“He used… to go early in the morning and climb up on the scaffolding, because the Last Supper is quite high above the ground. From dawn to dusk he would never lay down his brush, but forgot to eat and drink, painting continuously” (Matteo Bandello, Novella LVIII, 1497).You cannot live in Milan, visit Milan or leave Milan without seeing Leonardo da Vinci's Last Supper, especially on the eve of 2019, which will celebrate the 500th anniversary of Leonardo’s death. So it is essential to book a visit. And the waiting times are long. It is useless to try to fit in a visit on a quick weekend trip. You need to plan well in advance and have plenty of patience. When, finally, you enter the refectory of the church of Santa Maria delle Grazie, you can contemplate the masterpiece for only a few minutes, so as not to jeopardise the state of preservation of the work. A few minutes that are worth a lot, and that we would like to extend indefinitely.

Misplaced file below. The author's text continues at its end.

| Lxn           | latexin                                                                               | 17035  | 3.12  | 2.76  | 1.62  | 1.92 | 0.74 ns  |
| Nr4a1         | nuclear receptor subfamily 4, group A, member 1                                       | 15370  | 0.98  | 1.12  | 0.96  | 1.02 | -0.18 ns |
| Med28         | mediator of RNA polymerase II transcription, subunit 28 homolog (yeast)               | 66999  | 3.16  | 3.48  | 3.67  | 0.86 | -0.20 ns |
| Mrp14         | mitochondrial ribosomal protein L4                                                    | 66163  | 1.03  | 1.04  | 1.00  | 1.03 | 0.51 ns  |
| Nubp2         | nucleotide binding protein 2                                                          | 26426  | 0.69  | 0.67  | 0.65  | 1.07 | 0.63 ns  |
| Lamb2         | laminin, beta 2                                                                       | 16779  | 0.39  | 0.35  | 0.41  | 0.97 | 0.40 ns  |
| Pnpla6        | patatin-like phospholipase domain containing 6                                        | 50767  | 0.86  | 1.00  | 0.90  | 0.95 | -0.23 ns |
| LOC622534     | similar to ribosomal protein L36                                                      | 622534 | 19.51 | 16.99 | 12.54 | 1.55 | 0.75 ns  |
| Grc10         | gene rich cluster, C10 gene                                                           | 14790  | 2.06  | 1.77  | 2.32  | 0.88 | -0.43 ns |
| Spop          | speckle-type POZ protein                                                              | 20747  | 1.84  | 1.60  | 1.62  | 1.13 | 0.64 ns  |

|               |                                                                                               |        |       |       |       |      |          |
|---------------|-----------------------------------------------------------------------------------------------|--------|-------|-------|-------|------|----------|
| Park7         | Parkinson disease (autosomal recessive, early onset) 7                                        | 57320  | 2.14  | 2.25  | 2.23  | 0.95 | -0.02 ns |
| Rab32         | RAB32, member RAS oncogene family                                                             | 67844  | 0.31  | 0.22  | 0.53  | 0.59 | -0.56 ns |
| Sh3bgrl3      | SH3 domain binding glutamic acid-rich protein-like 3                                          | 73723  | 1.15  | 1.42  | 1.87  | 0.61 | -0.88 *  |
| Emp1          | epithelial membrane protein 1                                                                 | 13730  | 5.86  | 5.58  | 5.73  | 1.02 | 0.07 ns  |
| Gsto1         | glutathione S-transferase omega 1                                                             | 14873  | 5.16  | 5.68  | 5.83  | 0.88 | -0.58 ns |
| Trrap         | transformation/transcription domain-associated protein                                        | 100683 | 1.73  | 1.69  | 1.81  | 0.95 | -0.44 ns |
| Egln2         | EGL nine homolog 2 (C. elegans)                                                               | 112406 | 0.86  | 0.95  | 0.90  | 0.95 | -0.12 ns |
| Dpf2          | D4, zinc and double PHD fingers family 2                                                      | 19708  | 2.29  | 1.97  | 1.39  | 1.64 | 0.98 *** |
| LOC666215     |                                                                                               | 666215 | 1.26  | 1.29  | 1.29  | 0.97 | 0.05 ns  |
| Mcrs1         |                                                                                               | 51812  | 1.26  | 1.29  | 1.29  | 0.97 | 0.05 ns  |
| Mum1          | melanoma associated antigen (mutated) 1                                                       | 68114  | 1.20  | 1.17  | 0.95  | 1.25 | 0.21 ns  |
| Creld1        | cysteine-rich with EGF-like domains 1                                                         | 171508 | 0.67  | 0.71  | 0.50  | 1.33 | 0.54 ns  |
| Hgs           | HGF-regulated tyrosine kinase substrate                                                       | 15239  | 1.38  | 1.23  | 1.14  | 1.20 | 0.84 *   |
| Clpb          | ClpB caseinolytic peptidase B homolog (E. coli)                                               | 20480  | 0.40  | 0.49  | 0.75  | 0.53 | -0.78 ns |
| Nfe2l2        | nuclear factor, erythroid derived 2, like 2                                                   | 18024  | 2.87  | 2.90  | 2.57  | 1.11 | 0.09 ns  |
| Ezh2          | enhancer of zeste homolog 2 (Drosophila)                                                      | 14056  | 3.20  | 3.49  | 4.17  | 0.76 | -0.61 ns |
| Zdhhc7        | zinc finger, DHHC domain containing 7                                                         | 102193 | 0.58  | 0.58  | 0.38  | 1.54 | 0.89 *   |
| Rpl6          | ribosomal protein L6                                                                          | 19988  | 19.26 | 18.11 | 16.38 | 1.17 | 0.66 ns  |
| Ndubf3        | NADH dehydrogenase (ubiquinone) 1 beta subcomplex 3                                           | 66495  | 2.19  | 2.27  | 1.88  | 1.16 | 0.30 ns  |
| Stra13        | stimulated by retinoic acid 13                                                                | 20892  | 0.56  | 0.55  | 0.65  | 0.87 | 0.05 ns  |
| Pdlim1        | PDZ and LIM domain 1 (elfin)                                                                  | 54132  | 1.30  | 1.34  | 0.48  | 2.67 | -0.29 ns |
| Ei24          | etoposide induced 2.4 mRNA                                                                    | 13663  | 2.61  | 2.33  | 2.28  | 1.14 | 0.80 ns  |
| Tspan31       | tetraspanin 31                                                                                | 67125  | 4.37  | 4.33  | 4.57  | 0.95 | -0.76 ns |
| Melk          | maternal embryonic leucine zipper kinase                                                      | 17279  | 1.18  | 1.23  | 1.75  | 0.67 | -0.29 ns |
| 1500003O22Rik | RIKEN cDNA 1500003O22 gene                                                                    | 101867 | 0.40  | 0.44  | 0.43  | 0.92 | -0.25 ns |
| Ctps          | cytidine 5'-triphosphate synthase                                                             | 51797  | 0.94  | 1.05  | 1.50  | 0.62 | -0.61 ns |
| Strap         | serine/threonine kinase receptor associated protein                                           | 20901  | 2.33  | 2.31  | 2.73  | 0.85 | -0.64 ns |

To perpetuate the magic of Leonardo's masterpiece (or to have a foretaste of it) there is now a book: L'Ultima Cena, by Pietro C. Marani, reissued in an updated edition by Electa on the occasion of the 500th anniversary of Leonardo’s death. The magnificent full-size images – captured by the lens of Antonio Quattrone immediately after the 1999 restoration, before the scaffolding was removed – enable us to appreciate the details in a way that it is impossible to do from life. The book is a sort of zoom, in which the power of the drawing and the purity of Leonardo's colours fill the pages: 100 plates of progressive enlargements, even showing some life-size details. A continuous surprise that, page after page, gives a unique and magnificent vision.